Congresswoman Lindsey Graham, a Republican, admits of her fellow representatives, "Sometimes we can't agree on what time it is. But that has given way to sheer, raw patriotism." Former antagonists Dick Arney, R-Texas, and Richard Gephardt, D-Mo, were on CNN together. "We have become friends," said Arney. We are now showing this nation's unity in the halls of Congress."
Kathy and Don Starbuck, regular folks from upstate Huguenot, New York, returned home on Sunday to find an unexpected message on their answering machine. "We're a French family from outside Paris, and we're calling Americans in a show of solidarity," said an unknown woman with a French accent. "We hope that better days come to you."
On Wednesday, a group of doctors and nurses drove up from Kentucky to leave plastic bins filled with medical supplies.
The New York Times notes that many companies have pledged multi-million dollar donations in cash and services, including General Electric ($10 million for families of lost emergency workers), Microsoft ($5 million in cash, $5 million in services), a four-year-old girl who emptied her Pokemon wallet of $4.37, and elementary school students sold lemonade and gave the proceeds to the Red Cross.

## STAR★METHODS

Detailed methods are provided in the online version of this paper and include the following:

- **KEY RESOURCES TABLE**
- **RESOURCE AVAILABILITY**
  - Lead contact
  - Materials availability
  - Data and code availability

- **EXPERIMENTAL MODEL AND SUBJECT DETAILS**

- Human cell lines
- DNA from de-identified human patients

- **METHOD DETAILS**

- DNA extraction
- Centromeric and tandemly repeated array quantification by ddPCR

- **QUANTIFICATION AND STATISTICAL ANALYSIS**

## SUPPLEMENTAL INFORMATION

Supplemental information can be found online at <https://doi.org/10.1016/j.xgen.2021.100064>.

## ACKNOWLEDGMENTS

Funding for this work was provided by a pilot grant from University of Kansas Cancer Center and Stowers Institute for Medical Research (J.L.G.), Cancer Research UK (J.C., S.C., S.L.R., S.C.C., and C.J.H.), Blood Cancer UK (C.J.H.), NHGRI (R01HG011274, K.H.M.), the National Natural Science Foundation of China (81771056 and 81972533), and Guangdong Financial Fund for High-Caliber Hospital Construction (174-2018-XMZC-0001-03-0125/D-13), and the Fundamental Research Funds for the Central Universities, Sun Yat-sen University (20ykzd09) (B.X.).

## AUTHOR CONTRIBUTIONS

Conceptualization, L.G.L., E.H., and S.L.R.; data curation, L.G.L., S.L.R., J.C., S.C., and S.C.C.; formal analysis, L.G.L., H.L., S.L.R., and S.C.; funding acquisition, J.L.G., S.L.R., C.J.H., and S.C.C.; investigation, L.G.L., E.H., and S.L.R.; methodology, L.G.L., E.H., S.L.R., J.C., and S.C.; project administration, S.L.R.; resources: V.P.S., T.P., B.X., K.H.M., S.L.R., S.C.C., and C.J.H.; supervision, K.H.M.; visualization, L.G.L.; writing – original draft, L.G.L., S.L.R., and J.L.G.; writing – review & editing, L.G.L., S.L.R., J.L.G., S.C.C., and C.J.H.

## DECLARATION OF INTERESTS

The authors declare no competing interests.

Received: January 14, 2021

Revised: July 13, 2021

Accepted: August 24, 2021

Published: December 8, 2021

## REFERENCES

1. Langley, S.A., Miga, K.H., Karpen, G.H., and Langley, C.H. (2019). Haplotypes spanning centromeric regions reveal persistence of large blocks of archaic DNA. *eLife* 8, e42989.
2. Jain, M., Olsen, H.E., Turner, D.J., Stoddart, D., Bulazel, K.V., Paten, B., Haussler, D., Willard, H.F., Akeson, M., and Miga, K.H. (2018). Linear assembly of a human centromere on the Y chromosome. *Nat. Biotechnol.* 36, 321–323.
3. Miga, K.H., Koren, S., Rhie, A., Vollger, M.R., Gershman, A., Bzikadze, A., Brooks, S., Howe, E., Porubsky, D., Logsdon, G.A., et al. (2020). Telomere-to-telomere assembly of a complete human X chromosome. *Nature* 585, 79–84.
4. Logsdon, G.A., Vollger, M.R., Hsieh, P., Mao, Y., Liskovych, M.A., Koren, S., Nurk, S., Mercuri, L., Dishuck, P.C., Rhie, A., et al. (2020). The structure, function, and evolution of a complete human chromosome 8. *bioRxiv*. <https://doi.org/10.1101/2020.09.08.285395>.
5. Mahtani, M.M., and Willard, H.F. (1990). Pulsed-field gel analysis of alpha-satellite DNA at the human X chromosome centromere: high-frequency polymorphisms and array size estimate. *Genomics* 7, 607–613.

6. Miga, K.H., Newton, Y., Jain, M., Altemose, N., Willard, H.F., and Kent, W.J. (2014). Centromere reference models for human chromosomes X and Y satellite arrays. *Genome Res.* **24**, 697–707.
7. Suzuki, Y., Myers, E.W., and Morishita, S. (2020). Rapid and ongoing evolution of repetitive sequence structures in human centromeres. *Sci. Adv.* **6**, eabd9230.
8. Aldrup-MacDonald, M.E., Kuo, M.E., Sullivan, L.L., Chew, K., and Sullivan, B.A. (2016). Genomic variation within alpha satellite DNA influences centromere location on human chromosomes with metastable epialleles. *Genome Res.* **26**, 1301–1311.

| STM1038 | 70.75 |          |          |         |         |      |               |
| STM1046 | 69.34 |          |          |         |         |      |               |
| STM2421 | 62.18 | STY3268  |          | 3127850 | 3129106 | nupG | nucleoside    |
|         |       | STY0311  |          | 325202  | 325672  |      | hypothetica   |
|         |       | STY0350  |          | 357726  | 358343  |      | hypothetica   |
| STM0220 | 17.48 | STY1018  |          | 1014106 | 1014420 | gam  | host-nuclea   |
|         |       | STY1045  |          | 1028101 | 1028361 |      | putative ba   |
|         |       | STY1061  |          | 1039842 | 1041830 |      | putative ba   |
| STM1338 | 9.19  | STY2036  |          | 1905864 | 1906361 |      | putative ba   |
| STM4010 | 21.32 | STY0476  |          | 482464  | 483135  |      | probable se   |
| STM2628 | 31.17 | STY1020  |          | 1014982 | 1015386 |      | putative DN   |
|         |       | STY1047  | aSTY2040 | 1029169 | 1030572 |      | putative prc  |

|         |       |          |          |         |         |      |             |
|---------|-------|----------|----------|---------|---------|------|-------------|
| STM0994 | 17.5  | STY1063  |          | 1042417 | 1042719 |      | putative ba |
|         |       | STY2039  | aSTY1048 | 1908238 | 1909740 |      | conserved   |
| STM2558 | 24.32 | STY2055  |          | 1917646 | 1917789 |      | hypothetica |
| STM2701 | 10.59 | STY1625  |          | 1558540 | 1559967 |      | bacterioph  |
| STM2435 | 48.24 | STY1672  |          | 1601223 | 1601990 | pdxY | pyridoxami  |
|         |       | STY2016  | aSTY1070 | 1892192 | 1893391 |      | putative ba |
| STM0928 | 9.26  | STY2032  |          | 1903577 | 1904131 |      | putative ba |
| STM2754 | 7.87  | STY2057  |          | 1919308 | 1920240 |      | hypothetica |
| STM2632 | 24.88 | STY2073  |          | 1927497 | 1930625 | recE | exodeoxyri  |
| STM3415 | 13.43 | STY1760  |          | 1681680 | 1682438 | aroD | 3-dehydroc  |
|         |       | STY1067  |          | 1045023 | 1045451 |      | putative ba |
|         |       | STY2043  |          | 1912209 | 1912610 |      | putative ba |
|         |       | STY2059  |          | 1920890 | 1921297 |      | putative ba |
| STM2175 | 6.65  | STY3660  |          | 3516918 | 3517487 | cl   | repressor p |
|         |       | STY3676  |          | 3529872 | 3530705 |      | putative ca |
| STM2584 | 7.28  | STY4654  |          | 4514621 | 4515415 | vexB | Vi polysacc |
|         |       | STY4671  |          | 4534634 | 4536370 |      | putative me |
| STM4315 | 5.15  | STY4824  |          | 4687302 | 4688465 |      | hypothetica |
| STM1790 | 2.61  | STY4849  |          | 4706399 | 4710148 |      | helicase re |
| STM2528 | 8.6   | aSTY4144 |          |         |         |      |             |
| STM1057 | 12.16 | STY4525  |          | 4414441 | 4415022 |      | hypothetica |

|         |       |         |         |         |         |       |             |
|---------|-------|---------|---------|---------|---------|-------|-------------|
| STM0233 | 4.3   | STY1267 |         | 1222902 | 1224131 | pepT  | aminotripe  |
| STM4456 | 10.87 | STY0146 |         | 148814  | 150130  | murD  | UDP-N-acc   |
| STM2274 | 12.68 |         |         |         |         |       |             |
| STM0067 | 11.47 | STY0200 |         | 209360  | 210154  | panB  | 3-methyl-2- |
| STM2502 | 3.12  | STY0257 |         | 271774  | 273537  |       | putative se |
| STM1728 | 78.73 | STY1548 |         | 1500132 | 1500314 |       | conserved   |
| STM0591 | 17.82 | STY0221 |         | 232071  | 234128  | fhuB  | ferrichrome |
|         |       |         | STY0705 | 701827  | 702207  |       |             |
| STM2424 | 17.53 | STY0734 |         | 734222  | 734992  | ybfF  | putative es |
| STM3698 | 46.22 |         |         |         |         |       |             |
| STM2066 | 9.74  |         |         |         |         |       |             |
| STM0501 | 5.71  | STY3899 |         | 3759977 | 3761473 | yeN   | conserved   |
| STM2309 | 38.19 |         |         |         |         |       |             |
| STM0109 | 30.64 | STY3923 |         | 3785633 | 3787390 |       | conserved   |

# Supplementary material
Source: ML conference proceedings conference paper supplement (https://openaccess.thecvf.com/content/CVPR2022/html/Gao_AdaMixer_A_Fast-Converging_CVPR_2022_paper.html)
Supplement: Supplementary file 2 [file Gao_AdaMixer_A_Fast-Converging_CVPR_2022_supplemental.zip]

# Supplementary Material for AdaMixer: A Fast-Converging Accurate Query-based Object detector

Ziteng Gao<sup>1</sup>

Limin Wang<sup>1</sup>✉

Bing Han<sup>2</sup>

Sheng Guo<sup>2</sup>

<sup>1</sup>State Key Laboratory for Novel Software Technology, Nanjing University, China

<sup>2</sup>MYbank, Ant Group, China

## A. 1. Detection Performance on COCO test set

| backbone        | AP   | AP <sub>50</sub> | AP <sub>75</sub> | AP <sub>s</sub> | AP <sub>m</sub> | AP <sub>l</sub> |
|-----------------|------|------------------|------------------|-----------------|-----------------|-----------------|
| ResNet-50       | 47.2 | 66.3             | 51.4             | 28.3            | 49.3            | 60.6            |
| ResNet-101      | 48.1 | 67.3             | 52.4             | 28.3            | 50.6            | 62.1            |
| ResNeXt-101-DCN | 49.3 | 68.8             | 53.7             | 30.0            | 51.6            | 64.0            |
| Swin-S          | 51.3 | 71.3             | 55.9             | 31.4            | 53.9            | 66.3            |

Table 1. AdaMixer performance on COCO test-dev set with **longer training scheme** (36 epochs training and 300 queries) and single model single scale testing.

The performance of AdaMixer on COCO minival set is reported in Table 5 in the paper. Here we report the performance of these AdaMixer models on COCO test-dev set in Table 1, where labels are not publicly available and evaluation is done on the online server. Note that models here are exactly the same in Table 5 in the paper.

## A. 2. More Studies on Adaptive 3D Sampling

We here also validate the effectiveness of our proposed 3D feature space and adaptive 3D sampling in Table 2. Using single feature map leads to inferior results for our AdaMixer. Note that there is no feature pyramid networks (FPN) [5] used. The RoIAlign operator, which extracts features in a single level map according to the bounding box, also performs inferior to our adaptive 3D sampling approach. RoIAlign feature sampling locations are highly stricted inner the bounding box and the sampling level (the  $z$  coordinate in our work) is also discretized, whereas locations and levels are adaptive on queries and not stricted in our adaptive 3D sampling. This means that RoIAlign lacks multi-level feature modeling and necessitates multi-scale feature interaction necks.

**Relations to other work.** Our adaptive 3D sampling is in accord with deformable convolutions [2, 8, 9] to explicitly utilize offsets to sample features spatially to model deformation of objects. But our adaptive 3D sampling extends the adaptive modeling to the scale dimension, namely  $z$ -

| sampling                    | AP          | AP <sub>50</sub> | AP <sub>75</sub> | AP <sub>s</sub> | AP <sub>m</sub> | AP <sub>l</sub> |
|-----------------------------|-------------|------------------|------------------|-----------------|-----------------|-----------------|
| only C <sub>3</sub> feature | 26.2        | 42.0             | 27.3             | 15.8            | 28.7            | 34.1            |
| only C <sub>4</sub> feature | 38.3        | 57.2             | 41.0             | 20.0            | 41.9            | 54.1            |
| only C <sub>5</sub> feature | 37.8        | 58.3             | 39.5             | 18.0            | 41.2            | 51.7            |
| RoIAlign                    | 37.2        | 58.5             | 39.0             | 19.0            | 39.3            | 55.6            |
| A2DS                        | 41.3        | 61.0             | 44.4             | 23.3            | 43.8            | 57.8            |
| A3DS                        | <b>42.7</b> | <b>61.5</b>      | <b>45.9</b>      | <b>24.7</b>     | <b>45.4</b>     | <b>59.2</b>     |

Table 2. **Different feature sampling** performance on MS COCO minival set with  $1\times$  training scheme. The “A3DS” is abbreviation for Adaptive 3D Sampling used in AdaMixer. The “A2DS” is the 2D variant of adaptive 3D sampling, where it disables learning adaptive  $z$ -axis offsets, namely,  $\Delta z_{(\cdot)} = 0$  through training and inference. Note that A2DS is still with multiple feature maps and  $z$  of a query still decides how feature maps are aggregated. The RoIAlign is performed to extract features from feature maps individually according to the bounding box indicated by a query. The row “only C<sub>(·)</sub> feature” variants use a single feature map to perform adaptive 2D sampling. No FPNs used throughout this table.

Dozens of Palestinian men, women and children gathered spontaneously upon hearing the news in front of the U.S. Consulate in East Jerusalem, lighting candles and placing flowers along its walls. Some of the placards they carried read: "Terror is our common enemy" and "We are victims too."
Palestinians in East Jerusalem held a candle vigil on 12 September to express their grief and solidarity with the American families struck by this tragedy. Mr. Abdel Qader Al-Husseini, son of the late Palestinian leader Faisal Al-Husseini led the candle vigil.
Disneyland came to a complete halt on Friday, as parents, children and Mickey Mouse stood completely still facing flags as "God Bless America" was played, and bunches of red, white, and blue balloons were released skyward.
New York Museums opened their doors, but stopped charging any admission. "We offer sanctuaries of respite and contemplation that we hope can provide some comfort to the people of New York City during this very sad and difficult time," said an open letter signed by the directors of 11 museums, released Friday, September 14.